To reinstall the wheel, you will essentially be reversing most of the steps you've just completed. Set the chain on the cassette joint -- next to the cog but not on it -- and then slide the wheel back into the dropouts. This may take some wiggling, and possibly even some fiddling to make sure that the chain tensioners are inside the dropouts, and the non-turn washers (brown and yellow) are outside. Gently pull the wheel as far back into the dropouts as possible, giving yourself enough slack to flip the tensioners back into place. Now that the wheel is held in place by the tensioners, you'll be able to reattach the shifter and brake cables, the chain, and the chain case.
Set the chain back on the cog and carefully turn the cranks a few revolutions to make sure that the chain is fully set on the chainwheel (front gear) as well. To reconnect the shifter cable to the cassette joint, first slide the cable housing end into the housing stop.
Now repeat the trick with the 2mm hex key to wind the cassette joint back to a point where you can slot the cable stop into its cradle, making sure that the cable sits cleanly along its channel. Shift up and down the range a few times to make sure that everything is working smoothly, and also use this opportunity to check the adjustment of your hub (just like you learned to do in the last post!).
Pass the brake cable through the housing stop and into the cable stop, tightening it down at at its original setting. Make sure the housing is fully inserted in the stop. At this point you can crimp a cable end cap onto the cable, then test brake function by pulling hard on the brake lever.
Slide the rear section of the chain case frame into place, carefully pushing both top and bottom ends into place in the main chain case frame. Be sure that the chain tensioner is outside the chain case frame on the axle.
Now that everything on the axle is in place, you can tension the chain. This step is going to be the most technical that you'll perform during the operation, so shake the kinks out of your hands and get ready! Tighten down the axle nuts until the tabs of the non-turn washers are fully inserted into the dropouts, but not so tight that you can't shift the wheel. Throughout this step, you'll be keeping the wheel centered in the frame by watching the distance between the (ideally fully inflated) tire and the chain stays. Tighten the chain tensioner nuts evenly as you bring the wheel back toward its original position. On Workcycles bikes (especially if you are using the original cog size), you'll frequently be able to find this spot by the indentations left by the non-turn washers in the frame powdercoat.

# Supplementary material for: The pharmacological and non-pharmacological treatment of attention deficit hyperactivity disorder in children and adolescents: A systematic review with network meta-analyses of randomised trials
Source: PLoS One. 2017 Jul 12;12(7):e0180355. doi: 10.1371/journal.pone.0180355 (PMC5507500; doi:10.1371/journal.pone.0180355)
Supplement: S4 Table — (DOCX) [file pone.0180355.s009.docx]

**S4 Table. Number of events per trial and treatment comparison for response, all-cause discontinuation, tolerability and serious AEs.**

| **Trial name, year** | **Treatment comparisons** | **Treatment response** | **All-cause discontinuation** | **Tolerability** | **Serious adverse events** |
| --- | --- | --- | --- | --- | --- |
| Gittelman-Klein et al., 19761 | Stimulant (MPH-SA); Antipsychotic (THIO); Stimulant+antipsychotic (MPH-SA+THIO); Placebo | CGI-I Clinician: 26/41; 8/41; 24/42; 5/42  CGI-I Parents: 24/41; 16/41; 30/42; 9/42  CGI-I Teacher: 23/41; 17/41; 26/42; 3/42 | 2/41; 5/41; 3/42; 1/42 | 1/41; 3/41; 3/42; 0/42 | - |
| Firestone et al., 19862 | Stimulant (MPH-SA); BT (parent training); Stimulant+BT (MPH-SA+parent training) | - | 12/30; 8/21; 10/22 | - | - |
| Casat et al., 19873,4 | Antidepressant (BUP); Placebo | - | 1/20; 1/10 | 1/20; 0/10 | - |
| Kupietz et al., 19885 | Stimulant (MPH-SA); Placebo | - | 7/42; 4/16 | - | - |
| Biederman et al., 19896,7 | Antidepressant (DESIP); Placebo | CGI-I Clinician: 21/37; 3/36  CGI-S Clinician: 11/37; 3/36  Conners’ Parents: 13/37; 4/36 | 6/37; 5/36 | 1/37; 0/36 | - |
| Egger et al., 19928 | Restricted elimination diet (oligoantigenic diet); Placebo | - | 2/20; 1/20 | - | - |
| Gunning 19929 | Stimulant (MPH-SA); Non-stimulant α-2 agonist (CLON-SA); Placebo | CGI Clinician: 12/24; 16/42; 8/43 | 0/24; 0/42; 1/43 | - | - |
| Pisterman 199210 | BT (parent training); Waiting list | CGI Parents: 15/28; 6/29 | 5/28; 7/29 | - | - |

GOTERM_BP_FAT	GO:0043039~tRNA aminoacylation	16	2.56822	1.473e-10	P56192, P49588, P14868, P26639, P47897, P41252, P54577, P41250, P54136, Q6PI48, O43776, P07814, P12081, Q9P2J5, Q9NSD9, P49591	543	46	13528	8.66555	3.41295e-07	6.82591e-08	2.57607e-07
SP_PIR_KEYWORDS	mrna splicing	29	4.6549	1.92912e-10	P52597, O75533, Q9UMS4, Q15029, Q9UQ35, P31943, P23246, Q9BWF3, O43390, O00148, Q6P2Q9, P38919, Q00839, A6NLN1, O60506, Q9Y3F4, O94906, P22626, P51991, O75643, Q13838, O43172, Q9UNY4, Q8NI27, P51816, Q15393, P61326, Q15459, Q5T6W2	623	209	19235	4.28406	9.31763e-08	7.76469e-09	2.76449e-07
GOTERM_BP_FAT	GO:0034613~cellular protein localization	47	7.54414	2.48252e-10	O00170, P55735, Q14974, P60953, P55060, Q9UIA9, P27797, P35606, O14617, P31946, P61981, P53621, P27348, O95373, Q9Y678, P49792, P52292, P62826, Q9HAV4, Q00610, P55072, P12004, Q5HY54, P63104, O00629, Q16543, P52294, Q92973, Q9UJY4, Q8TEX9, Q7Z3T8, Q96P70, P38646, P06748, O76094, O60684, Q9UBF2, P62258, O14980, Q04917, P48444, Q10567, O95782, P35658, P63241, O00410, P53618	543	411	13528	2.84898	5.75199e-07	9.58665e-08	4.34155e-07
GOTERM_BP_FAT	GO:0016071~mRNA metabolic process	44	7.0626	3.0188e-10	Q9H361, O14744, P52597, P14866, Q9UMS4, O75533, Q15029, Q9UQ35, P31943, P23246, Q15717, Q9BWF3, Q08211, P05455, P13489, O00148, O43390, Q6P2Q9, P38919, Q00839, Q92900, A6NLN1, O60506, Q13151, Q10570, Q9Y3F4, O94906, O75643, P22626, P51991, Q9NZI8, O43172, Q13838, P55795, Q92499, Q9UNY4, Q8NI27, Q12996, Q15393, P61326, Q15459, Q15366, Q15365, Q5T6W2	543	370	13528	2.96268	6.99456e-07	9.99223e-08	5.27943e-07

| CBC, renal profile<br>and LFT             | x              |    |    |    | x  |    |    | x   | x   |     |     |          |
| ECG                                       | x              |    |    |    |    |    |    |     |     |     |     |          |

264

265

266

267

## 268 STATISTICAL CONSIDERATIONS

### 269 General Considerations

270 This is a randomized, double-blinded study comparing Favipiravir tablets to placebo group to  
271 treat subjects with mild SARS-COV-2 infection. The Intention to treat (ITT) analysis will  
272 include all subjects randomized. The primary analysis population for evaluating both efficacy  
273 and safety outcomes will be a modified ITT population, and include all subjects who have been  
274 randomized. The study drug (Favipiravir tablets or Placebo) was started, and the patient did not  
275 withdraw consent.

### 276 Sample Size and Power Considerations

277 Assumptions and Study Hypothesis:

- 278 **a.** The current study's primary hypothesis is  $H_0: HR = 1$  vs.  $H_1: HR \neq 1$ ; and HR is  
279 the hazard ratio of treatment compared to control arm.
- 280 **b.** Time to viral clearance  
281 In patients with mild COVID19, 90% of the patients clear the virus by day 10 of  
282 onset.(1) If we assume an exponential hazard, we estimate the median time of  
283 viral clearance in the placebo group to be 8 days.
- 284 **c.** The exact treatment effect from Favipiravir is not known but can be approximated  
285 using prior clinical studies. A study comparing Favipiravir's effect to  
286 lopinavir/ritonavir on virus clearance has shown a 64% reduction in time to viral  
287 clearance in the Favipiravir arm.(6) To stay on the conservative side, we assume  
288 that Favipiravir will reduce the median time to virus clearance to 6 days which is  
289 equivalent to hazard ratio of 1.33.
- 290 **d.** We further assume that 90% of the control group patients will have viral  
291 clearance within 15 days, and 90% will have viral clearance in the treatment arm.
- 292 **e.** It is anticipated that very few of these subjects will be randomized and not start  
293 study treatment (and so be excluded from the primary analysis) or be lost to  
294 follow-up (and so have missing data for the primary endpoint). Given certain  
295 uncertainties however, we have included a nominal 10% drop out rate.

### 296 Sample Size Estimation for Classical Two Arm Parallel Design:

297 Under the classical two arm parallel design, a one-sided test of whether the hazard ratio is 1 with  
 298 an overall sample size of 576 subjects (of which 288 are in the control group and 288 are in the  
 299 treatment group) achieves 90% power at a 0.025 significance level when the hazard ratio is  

Ideal chain tension can be an art and a science, but the easiest gauge will be this: at the tightest spot in the rotation of the cranks (because there will be tight spots and loose spots) you should still be able to move the chain slightly (<1/4") up and down with your fingers. You should NOT hear a crackling sound as you spin the pedals through the tight spots, and the chain should not be so loose as to hit the bottom of the chain case.
Once you've got the chain at a nice tension, double-check the centering of the wheel and then reattach the rear brake's torque-arm clamp on the chain stay.
Now you can tighten down the axle nuts! Make sure these are solidly tight, really get your arm behind the wrench (unless you're some sort of giant burly guy, in which case you'll want to exercise some restraint).
Now that the wheel is reinstalled and the chain case frame is reassembled, most of what's left should be familiar from the last post: closing the chain case. Gently (because these are fabric parts, after all...) slide the rear section of the cover over the frame, keeping the chain tensioner outside. Pull the edges of the inside slit (between the wheel and the chain case) together and slide the prongs of the clip into their pockets inside the chain case. Snap the snap on the outside, and hook the wire back and forth across the hooks on the underside (don't miss any!).
...And you're done. Go for a ride!